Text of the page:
Also, in New York you can either pick a cellphone company that has better prices, phones and customer service or you can pick one that has good reception. Yes, everything about Verizon sucks. But they have so many damn tower that even though you get shafted on everything else, at least you get a phone that works better than others. You can actually send or receive a call in most places, even in some shallow subway stations.

Unfortunately it turned out that they want $25 extra per month for 10 megs of data, and in conjunction with a 2 year contract and $400 phone this just did not look like a good deal to me, so I passed. I guess I a destined to live with a bricky ol’ phone that is only good for making phone calls. Sadly it looks like to get better PDA features cheaper I’d need to sacrifice Verizon’s good reception.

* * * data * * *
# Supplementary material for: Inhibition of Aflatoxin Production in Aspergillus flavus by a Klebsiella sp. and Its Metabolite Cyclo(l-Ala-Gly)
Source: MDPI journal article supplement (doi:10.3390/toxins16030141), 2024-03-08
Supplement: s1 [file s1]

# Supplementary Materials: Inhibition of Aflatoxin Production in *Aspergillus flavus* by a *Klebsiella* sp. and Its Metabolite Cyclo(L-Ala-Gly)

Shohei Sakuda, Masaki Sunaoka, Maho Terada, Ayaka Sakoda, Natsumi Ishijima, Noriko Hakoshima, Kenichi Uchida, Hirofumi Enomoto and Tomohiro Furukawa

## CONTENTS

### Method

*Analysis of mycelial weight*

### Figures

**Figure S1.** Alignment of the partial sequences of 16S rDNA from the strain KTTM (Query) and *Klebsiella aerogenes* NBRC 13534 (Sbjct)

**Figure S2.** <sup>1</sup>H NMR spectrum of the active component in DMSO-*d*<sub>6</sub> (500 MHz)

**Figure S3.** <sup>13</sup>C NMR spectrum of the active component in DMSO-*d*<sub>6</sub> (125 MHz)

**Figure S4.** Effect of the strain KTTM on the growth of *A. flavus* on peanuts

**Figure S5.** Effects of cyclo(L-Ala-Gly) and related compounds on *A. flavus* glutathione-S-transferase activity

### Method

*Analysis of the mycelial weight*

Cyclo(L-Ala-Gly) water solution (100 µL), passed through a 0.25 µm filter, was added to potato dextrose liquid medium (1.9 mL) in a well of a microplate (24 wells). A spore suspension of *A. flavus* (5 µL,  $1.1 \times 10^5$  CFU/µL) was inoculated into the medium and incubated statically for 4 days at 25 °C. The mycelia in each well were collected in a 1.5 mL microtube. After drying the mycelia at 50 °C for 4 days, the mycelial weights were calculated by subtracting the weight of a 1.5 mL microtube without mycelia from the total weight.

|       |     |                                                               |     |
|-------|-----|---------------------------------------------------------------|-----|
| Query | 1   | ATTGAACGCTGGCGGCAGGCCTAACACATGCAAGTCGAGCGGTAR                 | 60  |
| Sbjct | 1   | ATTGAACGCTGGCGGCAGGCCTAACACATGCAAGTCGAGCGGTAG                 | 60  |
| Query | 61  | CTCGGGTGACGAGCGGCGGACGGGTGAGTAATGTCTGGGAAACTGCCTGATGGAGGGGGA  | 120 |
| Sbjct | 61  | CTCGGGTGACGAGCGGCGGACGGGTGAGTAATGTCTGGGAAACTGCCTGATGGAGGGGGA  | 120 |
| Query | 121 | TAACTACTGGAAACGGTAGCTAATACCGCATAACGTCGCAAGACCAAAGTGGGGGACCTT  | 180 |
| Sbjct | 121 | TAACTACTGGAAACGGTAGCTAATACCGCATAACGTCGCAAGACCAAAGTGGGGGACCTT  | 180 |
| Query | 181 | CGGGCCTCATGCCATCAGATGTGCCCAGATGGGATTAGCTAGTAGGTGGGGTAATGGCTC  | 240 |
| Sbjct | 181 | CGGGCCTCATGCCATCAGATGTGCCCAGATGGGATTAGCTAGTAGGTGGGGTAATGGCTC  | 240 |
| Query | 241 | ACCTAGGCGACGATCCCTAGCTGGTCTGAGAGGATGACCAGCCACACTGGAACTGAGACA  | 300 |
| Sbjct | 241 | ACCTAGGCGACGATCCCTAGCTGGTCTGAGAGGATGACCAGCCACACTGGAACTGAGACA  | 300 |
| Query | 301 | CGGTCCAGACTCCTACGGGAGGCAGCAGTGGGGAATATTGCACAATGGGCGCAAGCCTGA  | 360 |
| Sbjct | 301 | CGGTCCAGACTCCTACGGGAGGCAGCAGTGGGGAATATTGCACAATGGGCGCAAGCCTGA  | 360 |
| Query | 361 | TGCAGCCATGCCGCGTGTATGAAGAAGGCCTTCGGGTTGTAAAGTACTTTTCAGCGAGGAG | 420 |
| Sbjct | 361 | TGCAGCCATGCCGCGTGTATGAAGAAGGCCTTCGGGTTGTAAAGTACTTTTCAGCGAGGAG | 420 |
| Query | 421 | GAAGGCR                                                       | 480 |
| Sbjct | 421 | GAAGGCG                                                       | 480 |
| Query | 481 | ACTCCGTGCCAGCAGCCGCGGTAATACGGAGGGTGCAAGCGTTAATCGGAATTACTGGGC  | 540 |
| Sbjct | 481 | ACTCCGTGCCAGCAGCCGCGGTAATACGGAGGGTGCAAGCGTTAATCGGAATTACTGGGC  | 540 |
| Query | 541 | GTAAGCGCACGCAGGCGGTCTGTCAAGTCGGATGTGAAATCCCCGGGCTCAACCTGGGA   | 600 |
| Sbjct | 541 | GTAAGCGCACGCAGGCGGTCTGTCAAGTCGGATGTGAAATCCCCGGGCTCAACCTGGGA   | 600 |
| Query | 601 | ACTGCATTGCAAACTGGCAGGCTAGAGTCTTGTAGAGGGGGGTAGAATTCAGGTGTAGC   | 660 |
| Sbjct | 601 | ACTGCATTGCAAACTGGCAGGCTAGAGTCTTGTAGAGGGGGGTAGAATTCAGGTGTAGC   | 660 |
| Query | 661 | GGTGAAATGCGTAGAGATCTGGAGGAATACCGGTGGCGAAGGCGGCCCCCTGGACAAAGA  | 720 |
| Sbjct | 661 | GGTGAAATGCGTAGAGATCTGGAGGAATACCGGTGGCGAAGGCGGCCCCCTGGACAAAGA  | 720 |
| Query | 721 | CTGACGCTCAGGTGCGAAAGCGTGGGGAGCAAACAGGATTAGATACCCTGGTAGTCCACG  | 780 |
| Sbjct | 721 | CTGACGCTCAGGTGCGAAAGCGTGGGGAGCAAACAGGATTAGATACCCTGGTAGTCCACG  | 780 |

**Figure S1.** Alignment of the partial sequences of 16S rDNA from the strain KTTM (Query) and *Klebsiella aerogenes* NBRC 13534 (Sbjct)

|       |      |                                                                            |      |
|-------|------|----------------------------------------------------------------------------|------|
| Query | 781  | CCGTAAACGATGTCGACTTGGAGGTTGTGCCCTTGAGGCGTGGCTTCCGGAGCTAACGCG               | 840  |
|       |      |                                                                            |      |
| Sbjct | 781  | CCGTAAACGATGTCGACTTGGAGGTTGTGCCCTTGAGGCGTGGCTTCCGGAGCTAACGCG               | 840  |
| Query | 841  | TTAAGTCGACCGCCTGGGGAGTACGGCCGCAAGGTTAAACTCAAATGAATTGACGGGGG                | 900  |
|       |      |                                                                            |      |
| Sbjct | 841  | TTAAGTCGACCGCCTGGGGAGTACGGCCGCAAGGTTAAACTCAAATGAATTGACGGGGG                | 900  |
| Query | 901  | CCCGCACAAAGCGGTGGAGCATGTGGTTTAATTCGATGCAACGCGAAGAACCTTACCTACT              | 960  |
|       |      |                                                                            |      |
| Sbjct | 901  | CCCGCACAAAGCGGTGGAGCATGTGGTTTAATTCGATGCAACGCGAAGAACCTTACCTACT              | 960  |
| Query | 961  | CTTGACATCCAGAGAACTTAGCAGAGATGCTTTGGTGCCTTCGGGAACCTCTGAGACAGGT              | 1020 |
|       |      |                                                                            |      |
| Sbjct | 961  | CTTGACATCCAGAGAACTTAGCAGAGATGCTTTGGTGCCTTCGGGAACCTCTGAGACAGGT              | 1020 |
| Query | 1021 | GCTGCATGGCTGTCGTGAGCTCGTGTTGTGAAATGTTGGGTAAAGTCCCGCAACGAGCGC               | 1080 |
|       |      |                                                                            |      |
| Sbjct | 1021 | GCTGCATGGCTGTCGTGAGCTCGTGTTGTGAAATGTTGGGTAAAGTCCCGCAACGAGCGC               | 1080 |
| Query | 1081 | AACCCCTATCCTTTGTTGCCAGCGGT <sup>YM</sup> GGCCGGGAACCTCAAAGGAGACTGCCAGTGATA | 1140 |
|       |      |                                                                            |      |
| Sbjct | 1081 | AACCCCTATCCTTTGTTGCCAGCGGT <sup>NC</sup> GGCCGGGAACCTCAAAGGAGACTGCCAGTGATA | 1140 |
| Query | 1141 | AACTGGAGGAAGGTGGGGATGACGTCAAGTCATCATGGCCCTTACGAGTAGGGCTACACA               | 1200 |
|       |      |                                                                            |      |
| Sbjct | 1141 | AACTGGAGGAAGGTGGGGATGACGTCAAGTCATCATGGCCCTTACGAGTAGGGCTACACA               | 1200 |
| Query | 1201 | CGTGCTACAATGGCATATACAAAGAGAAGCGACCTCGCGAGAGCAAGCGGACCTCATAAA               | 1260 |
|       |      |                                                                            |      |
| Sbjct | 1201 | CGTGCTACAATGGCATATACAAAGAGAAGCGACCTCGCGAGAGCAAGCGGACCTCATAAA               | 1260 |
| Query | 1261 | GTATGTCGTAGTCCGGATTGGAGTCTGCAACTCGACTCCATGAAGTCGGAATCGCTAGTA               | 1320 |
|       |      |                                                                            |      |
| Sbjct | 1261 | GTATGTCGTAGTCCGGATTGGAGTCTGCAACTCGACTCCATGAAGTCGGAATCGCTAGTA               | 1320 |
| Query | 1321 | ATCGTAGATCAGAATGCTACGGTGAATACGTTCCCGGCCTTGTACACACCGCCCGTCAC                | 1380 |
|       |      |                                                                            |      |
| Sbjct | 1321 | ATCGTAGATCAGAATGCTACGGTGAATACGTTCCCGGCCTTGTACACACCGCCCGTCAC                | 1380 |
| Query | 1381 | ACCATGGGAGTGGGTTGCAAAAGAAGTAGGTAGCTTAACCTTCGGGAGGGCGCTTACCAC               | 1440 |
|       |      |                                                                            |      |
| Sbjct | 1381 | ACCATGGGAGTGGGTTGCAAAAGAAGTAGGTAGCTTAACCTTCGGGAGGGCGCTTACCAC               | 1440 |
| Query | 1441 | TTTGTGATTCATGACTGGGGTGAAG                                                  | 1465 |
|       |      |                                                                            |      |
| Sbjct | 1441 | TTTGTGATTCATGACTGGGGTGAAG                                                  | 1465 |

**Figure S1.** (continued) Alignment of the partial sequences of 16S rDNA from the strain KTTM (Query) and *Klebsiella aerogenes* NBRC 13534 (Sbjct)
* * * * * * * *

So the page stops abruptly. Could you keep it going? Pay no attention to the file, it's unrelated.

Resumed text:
Then I spent 3 hours this evening cleaning out spyware from a friend’s computer. I failed miserably – Adaware, Microsoft Antispyware Tool and Search & Destroy could not clean out all the crap even on multiple passes. Looks like I’ll have to reinstall.

One Ring To Bind Them All

After I lost $30 pounds on Atkins diet my wedding ring started to slip off my finger. Of course, I am not Frodo, and wearing it on a piece of string was not an option. I used to leave it on the dressing table a lot, and finally it disappeared. Who stole Precious is not clear, but Tilde the cat is a likely suspect. So my wedding band is hopelessly lost.

It was a titanium ring. It looked like this: